Smartphones changing picture for camera sales

Overall, global shipments of digital cameras fell 30 percent last year, according to Christopher Chute, research director of worldwide digital imaging at IDC, a market intelligence firm. Camera stores are closing, and those that remain are emphasizing customer service or high-end products as they fight to stay relevant.
“It’s especially shocking because this was a market that until recently was growing by double digits,” he said. “This is the beginning of the collapse for cameras.”
And the obvious reason for the decline?
The ubiquitous smartphone – a combination mobile phone, personal computer, data-storage unit and camera, small enough to fit in a pocket. Nearly 60 percent of U.S. homes now have one, compared with 70 percent of homes that own more than one camera, according to The NPD Group.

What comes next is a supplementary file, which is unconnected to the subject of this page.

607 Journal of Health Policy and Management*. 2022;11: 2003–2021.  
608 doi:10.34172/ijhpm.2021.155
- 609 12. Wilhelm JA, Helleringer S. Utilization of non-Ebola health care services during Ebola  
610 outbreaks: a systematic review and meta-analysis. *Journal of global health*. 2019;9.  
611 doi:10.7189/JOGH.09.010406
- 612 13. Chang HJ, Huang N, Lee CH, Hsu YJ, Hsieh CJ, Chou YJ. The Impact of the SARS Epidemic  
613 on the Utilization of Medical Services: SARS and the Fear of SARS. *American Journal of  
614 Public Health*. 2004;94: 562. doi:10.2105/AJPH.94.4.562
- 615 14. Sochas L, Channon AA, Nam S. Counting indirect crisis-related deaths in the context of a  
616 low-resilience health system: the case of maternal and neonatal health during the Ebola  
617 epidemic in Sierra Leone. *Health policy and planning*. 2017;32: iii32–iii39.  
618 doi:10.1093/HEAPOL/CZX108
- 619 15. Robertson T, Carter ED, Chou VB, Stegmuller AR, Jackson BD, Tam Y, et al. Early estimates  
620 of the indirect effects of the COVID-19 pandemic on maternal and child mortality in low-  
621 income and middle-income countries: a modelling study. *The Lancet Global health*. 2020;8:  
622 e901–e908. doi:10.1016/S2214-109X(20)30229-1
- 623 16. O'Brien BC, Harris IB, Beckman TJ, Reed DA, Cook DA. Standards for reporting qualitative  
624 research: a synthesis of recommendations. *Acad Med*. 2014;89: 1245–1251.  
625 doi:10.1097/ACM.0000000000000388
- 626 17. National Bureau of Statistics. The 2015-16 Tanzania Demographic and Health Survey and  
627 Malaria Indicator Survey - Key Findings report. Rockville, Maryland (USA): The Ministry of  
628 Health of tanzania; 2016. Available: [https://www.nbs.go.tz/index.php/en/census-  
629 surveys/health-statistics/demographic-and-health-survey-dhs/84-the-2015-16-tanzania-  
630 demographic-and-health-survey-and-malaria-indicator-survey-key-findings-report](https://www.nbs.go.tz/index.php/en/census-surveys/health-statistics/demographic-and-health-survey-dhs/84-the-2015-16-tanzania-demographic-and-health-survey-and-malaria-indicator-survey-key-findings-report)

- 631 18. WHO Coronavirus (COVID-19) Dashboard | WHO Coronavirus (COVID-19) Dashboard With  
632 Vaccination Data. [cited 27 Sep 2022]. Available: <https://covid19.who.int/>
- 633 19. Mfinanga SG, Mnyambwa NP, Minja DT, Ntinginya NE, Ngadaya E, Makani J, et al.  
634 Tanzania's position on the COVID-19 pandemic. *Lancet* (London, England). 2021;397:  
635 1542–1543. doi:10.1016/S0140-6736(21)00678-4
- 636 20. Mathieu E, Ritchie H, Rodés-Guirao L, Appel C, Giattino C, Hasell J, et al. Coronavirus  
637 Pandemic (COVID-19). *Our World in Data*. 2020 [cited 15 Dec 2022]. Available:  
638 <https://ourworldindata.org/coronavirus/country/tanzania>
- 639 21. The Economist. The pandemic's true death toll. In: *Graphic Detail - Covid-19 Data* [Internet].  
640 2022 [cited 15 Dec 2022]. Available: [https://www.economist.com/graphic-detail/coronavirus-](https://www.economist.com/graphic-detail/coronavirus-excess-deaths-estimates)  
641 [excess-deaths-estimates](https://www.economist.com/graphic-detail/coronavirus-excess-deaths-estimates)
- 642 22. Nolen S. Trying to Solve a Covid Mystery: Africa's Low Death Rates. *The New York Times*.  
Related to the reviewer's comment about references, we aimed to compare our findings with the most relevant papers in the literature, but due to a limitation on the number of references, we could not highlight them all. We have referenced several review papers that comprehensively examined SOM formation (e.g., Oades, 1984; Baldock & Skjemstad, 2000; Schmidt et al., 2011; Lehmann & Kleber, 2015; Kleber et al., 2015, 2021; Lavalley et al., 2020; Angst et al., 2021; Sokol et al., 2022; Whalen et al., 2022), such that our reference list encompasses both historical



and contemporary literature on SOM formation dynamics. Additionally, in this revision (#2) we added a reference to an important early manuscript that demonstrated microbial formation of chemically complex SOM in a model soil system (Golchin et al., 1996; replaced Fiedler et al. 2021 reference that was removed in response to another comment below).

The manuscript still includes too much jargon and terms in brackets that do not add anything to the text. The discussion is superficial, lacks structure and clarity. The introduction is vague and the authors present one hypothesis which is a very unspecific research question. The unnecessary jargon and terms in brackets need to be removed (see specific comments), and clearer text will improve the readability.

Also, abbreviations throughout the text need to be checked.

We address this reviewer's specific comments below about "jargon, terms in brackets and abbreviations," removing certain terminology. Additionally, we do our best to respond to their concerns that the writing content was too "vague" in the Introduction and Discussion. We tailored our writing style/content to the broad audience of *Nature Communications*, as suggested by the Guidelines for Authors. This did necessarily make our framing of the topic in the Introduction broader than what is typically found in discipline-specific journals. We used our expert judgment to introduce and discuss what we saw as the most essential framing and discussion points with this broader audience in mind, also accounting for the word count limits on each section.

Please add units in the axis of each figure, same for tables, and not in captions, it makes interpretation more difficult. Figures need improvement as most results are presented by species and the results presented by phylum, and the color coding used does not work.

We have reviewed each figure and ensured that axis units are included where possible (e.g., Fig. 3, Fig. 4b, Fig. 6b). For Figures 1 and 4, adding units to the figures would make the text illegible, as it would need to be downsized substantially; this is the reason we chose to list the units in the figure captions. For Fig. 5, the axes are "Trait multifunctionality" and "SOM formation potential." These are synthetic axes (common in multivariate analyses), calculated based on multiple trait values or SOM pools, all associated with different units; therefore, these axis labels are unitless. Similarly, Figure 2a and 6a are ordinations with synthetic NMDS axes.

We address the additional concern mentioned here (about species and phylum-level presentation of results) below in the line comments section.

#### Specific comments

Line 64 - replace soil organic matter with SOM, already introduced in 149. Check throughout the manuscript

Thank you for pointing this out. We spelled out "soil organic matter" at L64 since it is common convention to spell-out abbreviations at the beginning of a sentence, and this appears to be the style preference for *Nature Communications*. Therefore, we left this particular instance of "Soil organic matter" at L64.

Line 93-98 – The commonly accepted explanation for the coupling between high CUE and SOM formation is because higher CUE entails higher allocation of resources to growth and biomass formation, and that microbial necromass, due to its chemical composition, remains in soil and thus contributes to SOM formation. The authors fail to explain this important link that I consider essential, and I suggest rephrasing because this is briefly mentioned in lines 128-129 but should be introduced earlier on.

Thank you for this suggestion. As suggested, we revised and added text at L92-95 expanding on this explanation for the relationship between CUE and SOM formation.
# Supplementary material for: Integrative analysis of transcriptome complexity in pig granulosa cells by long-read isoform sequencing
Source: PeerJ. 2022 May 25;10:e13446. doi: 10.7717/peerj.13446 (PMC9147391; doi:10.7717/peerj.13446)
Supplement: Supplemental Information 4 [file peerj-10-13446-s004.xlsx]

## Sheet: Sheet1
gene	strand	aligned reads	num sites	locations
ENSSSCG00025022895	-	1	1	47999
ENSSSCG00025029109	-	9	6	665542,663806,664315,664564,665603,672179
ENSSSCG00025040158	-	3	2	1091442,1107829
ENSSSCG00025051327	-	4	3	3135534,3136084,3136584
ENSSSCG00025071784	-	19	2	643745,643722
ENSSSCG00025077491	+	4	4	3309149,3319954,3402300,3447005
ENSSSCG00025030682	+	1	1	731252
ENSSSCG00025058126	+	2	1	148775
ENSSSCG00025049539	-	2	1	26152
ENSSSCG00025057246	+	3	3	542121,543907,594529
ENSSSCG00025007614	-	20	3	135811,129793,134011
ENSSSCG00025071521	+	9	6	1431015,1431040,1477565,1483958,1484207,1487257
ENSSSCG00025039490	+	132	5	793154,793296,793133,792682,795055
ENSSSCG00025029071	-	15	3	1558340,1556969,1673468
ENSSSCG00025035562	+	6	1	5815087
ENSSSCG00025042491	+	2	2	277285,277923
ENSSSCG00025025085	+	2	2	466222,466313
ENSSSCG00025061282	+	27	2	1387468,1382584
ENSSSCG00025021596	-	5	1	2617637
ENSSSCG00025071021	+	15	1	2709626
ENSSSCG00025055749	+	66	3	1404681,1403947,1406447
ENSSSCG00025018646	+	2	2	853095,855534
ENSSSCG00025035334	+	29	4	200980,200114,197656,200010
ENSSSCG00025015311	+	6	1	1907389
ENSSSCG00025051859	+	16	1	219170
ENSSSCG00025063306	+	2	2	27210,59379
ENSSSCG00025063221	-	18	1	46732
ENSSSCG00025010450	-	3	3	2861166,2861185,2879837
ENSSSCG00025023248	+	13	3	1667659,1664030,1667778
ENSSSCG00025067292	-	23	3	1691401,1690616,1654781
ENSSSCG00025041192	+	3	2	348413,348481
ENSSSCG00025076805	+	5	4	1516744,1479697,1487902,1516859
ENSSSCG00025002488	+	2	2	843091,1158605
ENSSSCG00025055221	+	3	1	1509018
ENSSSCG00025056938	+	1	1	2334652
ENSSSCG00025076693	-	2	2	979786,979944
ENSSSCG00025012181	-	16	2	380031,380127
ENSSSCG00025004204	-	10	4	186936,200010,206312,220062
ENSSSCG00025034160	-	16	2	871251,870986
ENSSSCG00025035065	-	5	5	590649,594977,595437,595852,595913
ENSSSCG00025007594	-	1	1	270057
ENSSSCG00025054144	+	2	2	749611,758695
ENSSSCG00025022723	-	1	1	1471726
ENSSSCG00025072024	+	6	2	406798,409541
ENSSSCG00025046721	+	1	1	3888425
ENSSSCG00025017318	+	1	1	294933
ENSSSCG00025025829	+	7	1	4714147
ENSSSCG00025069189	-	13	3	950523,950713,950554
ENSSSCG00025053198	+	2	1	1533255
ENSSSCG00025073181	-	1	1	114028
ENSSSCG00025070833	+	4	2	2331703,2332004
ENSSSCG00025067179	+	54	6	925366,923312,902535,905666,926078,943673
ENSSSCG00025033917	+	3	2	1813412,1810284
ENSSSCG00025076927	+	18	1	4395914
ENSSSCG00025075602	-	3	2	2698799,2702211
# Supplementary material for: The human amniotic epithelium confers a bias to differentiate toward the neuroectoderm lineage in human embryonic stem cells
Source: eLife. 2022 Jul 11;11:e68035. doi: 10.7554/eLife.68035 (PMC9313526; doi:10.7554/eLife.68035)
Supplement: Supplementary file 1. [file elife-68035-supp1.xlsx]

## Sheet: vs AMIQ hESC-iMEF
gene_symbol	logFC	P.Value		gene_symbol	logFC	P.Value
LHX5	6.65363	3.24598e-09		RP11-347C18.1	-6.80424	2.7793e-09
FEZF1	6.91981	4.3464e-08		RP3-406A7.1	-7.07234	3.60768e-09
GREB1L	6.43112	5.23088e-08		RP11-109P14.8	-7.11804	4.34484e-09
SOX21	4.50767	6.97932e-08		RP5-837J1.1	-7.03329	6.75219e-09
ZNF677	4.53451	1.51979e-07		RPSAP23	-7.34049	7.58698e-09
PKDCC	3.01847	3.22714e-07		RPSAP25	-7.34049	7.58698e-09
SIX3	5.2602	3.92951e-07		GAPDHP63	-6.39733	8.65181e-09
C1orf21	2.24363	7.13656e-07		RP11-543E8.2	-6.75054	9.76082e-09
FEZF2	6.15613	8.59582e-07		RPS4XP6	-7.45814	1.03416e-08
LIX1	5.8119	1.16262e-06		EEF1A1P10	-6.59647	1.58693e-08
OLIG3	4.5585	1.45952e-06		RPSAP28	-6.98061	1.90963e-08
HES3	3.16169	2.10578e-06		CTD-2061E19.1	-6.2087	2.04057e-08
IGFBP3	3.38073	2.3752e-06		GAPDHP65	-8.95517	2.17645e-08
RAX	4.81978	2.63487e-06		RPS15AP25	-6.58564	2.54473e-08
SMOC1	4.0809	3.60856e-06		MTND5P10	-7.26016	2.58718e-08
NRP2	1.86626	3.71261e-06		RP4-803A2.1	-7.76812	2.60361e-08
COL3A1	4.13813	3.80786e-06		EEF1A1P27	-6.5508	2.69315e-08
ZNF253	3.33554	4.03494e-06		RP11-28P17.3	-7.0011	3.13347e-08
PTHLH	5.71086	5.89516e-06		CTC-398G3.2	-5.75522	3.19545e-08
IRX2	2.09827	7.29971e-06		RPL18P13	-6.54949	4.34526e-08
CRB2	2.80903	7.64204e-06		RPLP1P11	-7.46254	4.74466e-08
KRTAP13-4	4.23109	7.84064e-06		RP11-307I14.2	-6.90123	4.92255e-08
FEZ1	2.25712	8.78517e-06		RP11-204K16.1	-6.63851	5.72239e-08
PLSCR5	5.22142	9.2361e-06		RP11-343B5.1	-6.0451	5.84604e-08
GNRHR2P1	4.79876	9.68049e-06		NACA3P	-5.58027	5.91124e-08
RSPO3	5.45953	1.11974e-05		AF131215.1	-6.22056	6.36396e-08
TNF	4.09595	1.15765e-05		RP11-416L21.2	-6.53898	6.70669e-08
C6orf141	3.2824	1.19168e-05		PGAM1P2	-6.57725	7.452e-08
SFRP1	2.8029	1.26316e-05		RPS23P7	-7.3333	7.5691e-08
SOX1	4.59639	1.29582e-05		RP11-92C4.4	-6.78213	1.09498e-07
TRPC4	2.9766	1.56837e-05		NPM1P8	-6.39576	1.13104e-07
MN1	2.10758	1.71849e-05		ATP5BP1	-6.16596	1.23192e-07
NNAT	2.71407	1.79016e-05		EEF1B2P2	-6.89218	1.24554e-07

But while digital-camera sales fell by nearly a third last year, smartphone sales are expected to rise more than 32 percent.
Amanda Brady of Castle Rock Township, Minn., recently purchased Nokia’s new Lumia 1020 smartphone with a camera that sports 41 megapixels. She uses it for shots of her artwork to put on, but also for nature pics during a recent family vacation to the Black Hills.
“We print quite often, and they don’t look pixelated,” she said.
It’s a culture shift that many believe started with the release of Apple’s iPhone 4 and 4S in 2010-2011, the first smartphones to have a backlit-illuminated sensor to produce brighter pictures with accurate colors to rival the quality of a decent point-and-shoot.